The president/chairman of Council, Chartered Institute of Forensics and Certified Fraud Examiners of Nigeria (CIFCFEN), Dr Iliyasu Gashinbaki, has said a bill for the establishment of the institute, if passed into law, would aid anti-corruption efforts in Nigeria. He said this in this interview with Daily Trust on Sunday.
The Institute of Chartered Accountants of Nigeria (ICAN) opposed your bill during the House of Representatives’ public hearing. Does this in any way have to do with institutional rivalry?
I will not put it that way. The ICAN is a monopoly. From 1965 when it was created, it did not want the existence of the Association of National Accountants of Nigeria (ANAN).
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The ANAN was founded in 1979, incorporated in 1983 and chartered through Decree 76 of 1993 by the General Ibrahim Babangida regime. Nigerians can now see within the past 42 years what the ANAN has achieved as an institution.
This has created a healthy competition as people have a choice. Now, the ANAN has gone ahead to create those institutions we have talked about: college, a university, and it is promoting the chartered institute.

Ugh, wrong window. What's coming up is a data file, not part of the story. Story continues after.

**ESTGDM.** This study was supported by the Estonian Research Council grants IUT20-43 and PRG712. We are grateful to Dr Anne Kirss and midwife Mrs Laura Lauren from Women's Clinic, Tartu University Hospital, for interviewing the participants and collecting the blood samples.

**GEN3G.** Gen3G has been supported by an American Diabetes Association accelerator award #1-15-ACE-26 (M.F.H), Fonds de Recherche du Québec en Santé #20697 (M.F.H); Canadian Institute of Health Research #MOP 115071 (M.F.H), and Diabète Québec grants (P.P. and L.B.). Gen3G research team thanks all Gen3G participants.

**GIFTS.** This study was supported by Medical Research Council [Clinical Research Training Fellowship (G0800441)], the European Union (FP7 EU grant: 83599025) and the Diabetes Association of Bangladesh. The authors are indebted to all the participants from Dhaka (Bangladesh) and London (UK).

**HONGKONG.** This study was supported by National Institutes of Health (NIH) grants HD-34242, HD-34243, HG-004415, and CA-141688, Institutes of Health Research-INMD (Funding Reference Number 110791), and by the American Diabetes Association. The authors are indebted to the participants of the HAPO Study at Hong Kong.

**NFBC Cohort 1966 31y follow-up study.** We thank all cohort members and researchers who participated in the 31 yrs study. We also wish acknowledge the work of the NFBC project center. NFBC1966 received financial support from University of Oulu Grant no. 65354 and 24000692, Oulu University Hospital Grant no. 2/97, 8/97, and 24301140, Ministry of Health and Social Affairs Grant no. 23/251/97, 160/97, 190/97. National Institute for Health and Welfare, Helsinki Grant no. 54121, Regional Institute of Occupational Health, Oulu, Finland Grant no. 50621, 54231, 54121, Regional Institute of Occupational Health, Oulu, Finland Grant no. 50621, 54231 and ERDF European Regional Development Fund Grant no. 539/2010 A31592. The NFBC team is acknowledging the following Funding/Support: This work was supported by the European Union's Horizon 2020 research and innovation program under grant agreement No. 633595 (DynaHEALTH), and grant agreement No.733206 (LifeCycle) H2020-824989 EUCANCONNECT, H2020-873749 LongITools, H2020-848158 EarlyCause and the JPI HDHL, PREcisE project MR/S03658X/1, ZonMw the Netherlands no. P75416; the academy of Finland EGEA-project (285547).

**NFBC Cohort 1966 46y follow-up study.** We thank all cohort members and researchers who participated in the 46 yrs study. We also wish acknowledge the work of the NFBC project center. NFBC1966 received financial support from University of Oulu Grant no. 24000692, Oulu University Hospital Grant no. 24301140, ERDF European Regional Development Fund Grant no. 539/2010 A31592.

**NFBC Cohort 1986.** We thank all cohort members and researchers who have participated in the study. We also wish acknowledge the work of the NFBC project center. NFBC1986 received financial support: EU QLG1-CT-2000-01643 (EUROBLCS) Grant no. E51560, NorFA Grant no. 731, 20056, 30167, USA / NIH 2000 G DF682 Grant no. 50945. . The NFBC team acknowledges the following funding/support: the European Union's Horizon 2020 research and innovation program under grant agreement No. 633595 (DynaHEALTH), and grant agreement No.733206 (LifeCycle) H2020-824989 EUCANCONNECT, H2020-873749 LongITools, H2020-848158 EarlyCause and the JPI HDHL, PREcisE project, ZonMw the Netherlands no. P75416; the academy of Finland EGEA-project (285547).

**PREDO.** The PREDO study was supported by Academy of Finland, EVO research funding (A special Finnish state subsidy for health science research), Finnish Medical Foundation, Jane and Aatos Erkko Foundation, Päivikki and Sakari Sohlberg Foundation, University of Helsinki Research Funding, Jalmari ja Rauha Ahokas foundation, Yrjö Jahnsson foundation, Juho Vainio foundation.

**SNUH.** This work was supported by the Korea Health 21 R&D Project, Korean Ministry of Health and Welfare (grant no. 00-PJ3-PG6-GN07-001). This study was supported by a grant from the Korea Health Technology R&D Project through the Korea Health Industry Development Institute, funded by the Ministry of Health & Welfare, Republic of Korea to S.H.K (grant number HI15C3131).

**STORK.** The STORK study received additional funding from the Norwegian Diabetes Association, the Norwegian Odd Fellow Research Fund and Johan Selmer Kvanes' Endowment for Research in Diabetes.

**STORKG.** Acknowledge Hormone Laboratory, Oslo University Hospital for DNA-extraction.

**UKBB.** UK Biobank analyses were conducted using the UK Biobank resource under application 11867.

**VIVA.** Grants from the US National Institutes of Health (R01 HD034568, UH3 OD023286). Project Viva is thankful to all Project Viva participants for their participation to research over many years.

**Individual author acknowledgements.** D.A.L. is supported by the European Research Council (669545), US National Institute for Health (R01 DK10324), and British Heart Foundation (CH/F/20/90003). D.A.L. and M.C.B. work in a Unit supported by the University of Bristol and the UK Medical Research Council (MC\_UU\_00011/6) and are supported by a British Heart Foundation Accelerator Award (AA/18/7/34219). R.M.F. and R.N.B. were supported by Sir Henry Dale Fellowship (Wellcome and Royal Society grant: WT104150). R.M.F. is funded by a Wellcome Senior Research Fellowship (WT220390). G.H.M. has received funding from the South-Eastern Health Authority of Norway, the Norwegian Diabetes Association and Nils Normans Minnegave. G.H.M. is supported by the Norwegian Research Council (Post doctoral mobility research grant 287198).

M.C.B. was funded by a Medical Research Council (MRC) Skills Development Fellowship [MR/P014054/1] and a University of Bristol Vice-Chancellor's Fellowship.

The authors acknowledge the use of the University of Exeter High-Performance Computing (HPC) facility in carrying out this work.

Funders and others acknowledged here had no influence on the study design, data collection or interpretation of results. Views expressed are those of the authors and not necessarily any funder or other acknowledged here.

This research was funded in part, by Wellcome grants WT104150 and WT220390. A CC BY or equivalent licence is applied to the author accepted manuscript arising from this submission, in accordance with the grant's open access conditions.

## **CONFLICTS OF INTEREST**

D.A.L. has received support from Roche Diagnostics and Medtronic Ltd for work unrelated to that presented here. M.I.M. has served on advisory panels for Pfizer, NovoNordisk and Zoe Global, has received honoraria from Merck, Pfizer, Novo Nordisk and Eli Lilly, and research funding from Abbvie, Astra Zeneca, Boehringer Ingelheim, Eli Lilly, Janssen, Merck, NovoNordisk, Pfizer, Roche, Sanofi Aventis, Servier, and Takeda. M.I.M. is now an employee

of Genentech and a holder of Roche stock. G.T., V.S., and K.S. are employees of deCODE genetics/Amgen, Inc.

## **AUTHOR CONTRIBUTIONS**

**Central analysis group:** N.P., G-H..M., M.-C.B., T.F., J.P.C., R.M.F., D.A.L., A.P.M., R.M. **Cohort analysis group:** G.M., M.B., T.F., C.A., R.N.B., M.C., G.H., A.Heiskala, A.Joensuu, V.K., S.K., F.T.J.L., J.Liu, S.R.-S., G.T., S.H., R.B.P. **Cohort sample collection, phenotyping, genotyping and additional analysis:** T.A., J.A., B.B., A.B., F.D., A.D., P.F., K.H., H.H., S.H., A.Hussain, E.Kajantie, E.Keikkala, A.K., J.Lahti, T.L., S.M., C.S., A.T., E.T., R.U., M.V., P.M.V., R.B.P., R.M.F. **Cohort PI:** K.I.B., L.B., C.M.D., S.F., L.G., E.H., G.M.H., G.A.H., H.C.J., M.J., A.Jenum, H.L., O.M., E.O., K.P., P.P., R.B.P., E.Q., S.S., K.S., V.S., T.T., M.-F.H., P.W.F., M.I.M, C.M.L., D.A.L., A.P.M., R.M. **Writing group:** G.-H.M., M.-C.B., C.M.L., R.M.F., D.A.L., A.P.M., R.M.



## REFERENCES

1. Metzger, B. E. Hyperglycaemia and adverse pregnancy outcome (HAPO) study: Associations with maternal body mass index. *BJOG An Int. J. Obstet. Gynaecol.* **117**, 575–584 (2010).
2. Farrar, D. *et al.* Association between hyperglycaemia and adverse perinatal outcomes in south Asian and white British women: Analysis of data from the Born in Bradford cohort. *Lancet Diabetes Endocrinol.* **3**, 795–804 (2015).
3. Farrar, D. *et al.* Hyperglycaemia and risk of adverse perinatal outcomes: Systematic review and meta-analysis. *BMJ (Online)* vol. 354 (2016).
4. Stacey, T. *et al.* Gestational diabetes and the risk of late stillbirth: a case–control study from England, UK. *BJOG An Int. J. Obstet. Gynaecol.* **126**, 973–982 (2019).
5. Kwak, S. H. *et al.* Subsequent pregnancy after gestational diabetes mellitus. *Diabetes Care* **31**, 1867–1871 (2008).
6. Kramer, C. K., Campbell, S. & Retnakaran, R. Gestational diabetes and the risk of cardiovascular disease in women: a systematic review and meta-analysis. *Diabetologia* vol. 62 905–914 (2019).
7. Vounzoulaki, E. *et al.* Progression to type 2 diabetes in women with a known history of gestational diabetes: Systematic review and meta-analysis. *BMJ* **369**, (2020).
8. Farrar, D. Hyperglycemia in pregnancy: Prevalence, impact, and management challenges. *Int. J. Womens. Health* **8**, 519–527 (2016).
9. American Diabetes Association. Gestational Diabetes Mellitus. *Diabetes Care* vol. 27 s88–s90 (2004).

There are other areas in Nigeria that show that having two or more bodies give you a better outcome. For example, if you remember clearly when we only had the West African Examinations Council (WAEC), you had a situation where you missed and had to wait till the following year until the National Examinations Council (NECO) came on board. We now have the two and you can even combine, and that has taken away that burden of restricting our young people from accessing higher education.
Beyond that, look at the Independent Corrupt Practices Commission (ICPC) and the Economic and Financial Crimes Commission (EFCC). These two bodies are very similar, but you can see that they are overburdened, overstretched and overwhelmed.
In addition to this is the fact that forensic accounting is just a component part of the gamut of the entire forensic sciences. It is not an accountant that will do signature, handwriting, identification of forgery and the rest.
Even the forensic accounting they do is a tiny component of forensic science because real forensic accounting is tied to computer science. So, if the accounting knowledge is not continually sufficient to do that, it is very clear that the monopolistic tendency is what they are holding on to.
If you watched the proceedings of the public hearing on Thursday, May 27, that is not the position from all the stakeholders. All of them were supporting the position of getting the bill passed. The ICAN was the only body that was talking about what is not even provided in the Act.
Some people say your institute is seeking to duplicate the functions of ant-corruption agencies; what do you say to that?